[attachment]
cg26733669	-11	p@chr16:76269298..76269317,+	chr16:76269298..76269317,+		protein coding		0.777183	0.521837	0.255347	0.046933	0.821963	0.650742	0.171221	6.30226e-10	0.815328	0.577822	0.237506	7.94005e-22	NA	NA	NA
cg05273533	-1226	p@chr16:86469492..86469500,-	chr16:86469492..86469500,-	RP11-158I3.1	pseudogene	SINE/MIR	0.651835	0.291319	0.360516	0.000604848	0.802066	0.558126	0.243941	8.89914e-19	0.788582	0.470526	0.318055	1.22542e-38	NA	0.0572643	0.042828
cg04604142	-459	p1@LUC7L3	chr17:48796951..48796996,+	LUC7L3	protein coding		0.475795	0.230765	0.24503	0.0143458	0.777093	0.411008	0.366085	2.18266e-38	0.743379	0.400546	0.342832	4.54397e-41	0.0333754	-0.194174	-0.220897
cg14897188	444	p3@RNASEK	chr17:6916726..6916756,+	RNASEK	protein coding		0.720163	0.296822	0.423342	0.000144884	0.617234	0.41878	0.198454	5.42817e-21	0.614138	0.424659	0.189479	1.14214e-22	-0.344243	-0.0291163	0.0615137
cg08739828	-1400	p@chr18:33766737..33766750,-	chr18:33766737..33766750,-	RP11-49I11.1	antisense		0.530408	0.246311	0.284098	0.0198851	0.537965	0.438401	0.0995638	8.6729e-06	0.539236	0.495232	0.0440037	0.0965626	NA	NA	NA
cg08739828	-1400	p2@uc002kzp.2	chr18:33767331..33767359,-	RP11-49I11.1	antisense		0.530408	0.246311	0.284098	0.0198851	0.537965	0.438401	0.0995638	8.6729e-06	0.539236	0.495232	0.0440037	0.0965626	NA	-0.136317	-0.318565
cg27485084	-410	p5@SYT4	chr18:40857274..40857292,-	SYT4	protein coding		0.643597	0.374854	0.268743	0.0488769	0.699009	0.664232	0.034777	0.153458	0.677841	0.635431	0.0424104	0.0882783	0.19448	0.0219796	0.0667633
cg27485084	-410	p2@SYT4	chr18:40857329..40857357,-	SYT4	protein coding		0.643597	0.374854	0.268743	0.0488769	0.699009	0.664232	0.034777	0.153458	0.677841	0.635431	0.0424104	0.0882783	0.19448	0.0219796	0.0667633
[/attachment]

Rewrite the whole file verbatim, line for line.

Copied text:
cg26733669	-11	p@chr16:76269298..76269317,+	chr16:76269298..76269317,+		protein coding		0.777183	0.521837	0.255347	0.046933	0.821963	0.650742	0.171221	6.30226e-10	0.815328	0.577822	0.237506	7.94005e-22	NA	NA	NA
cg05273533	-1226	p@chr16:86469492..86469500,-	chr16:86469492..86469500,-	RP11-158I3.1	pseudogene	SINE/MIR	0.651835	0.291319	0.360516	0.000604848	0.802066	0.558126	0.243941	8.89914e-19	0.788582	0.470526	0.318055	1.22542e-38	NA	0.0572643	0.042828
cg04604142	-459	p1@LUC7L3	chr17:48796951..48796996,+	LUC7L3	protein coding		0.475795	0.230765	0.24503	0.0143458	0.777093	0.411008	0.366085	2.18266e-38	0.743379	0.400546	0.342832	4.54397e-41	0.0333754	-0.194174	-0.220897
cg14897188	444	p3@RNASEK	chr17:6916726..6916756,+	RNASEK	protein coding		0.720163	0.296822	0.423342	0.000144884	0.617234	0.41878	0.198454	5.42817e-21	0.614138	0.424659	0.189479	1.14214e-22	-0.344243	-0.0291163	0.0615137
cg08739828	-1400	p@chr18:33766737..33766750,-	chr18:33766737..33766750,-	RP11-49I11.1	antisense		0.530408	0.246311	0.284098	0.0198851	0.537965	0.438401	0.0995638	8.6729e-06	0.539236	0.495232	0.0440037	0.0965626	NA	NA	NA
cg08739828	-1400	p2@uc002kzp.2	chr18:33767331..33767359,-	RP11-49I11.1	antisense		0.530408	0.246311	0.284098	0.0198851	0.537965	0.438401	0.0995638	8.6729e-06	0.539236	0.495232	0.0440037	0.0965626	NA	-0.136317	-0.318565
cg27485084	-410	p5@SYT4	chr18:40857274..40857292,-	SYT4	protein coding		0.643597	0.374854	0.268743	0.0488769	0.699009	0.664232	0.034777	0.153458	0.677841	0.635431	0.0424104	0.0882783	0.19448	0.0219796	0.0667633
cg27485084	-410	p2@SYT4	chr18:40857329..40857357,-	SYT4	protein coding		0.643597	0.374854	0.268743	0.0488769	0.699009	0.664232	0.034777	0.153458	0.677841	0.635431	0.0424104	0.0882783	0.19448	0.0219796	0.0667633